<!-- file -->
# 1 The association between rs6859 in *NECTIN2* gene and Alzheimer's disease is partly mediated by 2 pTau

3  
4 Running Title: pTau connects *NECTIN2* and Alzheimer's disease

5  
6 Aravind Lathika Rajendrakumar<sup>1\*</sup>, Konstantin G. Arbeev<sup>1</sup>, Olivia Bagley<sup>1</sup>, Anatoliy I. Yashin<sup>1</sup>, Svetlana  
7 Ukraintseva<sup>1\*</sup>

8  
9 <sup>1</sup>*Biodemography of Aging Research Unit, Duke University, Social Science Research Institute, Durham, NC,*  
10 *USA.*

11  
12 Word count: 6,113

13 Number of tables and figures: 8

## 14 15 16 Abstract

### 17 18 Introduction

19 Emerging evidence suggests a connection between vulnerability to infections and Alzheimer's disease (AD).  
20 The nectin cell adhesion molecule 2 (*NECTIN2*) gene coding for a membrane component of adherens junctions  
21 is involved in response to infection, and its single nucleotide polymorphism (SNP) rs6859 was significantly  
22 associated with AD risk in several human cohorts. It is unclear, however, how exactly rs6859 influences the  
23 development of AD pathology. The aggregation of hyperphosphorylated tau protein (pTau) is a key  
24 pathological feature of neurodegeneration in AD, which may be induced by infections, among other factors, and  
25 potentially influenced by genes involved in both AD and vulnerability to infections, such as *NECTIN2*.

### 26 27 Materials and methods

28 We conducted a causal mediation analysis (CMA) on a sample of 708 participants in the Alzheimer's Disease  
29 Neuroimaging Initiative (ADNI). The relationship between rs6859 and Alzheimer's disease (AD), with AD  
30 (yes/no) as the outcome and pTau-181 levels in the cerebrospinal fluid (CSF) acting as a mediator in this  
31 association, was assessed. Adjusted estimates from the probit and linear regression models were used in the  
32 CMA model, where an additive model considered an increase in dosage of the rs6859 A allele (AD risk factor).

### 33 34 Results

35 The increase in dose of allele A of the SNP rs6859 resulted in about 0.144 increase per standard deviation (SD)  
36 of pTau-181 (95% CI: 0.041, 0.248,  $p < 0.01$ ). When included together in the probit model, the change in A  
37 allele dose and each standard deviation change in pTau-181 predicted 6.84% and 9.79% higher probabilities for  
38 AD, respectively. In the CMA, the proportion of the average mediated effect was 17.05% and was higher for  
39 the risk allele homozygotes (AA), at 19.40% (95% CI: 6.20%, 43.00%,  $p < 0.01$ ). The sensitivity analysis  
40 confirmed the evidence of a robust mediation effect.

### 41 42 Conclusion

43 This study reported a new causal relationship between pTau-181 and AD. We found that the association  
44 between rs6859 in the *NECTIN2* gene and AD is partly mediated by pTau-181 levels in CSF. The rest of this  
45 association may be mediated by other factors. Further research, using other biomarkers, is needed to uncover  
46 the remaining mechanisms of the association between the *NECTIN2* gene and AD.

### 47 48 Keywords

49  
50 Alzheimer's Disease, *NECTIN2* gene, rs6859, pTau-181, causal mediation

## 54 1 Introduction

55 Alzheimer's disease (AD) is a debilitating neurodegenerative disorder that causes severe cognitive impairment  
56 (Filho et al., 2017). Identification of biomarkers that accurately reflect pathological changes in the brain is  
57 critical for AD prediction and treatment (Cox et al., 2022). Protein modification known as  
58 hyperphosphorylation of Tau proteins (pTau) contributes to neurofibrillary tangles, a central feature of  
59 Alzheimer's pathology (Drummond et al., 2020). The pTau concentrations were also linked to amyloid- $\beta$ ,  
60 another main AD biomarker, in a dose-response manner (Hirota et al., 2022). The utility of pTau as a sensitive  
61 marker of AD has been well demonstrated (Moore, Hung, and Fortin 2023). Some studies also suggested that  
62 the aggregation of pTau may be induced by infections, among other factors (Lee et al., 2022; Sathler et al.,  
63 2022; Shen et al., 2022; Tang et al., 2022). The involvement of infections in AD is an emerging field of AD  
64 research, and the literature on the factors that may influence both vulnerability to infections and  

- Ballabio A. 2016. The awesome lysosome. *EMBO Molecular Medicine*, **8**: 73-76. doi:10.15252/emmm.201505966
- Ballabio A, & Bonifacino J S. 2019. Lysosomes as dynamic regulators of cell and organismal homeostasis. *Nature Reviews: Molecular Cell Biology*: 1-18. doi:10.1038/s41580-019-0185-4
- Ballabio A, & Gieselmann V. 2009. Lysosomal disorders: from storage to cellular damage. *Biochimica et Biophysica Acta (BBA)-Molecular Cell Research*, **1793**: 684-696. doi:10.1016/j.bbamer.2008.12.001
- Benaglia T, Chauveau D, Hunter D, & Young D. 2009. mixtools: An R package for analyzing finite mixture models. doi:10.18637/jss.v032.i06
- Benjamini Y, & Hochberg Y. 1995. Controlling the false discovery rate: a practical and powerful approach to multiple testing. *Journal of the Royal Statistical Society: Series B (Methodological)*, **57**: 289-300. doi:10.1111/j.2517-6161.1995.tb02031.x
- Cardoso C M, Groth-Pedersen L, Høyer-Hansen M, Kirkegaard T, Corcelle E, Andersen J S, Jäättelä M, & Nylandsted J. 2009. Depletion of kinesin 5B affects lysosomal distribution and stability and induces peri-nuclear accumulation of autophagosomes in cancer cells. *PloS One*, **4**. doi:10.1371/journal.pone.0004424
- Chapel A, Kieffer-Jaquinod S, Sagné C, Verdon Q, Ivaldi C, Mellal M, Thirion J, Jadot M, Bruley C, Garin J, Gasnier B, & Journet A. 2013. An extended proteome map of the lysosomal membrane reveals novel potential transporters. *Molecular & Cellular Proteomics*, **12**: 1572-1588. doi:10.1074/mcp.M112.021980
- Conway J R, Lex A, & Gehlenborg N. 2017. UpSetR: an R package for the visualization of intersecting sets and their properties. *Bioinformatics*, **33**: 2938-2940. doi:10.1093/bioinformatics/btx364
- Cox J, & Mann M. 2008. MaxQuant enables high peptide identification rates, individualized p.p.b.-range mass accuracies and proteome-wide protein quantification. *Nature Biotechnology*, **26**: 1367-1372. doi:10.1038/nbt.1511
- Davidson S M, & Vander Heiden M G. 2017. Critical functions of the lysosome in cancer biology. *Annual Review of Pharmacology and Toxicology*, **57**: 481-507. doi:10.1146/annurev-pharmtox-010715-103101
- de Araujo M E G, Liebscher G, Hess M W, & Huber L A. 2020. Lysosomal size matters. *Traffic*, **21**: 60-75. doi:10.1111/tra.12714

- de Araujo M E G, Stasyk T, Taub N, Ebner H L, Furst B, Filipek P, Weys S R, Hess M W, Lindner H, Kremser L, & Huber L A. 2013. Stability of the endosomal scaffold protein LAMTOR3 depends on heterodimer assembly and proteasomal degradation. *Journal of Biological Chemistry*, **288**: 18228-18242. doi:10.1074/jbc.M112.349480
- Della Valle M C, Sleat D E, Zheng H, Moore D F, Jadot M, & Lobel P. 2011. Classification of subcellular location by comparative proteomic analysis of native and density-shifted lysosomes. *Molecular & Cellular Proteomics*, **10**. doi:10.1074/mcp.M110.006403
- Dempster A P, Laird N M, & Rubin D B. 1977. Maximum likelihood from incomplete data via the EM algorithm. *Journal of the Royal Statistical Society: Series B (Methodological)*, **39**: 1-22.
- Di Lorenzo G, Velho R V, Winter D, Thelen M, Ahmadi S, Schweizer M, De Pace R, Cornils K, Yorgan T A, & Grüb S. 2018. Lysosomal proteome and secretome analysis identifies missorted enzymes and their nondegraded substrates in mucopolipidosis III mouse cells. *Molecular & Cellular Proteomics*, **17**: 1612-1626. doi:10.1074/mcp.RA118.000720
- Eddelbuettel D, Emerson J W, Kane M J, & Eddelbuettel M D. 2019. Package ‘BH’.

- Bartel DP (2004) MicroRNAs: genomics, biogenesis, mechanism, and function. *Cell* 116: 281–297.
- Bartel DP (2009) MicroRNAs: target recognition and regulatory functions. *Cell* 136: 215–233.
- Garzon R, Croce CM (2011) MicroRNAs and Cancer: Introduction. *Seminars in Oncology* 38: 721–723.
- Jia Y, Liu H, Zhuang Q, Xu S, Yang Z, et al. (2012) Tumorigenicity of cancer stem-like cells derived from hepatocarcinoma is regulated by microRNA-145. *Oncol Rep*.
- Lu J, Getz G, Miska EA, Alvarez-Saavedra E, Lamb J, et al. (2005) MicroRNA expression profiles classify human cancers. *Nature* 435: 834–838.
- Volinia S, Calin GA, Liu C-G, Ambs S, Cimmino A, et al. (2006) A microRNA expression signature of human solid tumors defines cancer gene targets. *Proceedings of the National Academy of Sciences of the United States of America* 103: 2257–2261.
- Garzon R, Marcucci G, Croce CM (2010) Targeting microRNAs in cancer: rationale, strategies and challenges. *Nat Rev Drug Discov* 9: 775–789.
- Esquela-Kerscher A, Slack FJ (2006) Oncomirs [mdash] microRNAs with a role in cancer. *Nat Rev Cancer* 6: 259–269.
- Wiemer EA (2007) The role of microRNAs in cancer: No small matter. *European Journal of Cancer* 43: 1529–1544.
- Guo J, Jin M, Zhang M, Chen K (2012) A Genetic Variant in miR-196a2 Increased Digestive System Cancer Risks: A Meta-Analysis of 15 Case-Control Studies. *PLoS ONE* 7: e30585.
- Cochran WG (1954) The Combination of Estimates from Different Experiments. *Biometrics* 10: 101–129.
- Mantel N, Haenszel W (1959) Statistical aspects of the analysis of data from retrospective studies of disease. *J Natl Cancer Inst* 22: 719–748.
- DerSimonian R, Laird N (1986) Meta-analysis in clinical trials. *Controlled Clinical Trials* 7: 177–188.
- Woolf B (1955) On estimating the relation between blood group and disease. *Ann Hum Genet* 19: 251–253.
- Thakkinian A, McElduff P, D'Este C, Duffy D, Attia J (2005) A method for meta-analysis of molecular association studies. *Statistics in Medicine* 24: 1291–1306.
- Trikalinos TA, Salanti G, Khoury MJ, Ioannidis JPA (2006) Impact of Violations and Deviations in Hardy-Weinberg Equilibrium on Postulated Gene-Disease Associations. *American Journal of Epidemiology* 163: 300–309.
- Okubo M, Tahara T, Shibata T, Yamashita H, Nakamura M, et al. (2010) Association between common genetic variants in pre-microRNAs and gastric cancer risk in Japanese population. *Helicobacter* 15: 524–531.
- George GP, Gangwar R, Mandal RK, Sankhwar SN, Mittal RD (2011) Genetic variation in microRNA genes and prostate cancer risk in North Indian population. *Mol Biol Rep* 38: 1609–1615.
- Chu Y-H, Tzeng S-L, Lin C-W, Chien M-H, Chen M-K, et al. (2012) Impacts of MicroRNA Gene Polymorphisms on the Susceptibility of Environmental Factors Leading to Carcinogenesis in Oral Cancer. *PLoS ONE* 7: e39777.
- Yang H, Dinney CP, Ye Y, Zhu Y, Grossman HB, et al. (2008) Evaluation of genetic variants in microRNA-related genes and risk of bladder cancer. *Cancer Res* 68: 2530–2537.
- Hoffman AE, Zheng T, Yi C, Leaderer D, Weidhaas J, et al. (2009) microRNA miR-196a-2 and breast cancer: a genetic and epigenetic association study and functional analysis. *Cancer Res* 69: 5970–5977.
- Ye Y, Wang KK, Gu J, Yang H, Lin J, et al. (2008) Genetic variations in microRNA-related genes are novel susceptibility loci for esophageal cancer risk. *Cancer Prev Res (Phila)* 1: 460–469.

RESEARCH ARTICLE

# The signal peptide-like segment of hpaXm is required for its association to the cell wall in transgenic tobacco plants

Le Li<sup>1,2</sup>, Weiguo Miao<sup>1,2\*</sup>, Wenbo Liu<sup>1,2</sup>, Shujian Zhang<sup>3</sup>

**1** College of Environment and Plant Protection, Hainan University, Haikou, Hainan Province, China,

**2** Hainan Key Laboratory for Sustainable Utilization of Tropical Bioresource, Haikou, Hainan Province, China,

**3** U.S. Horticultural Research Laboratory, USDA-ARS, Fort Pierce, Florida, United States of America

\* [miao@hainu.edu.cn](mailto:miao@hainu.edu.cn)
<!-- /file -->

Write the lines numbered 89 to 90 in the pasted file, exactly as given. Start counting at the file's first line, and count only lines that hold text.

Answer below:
- Yang H, Dinney CP, Ye Y, Zhu Y, Grossman HB, et al. (2008) Evaluation of genetic variants in microRNA-related genes and risk of bladder cancer. *Cancer Res* 68: 2530–2537.
- Hoffman AE, Zheng T, Yi C, Leaderer D, Weidhaas J, et al. (2009) microRNA miR-196a-2 and breast cancer: a genetic and epigenetic association study and functional analysis. *Cancer Res* 69: 5970–5977.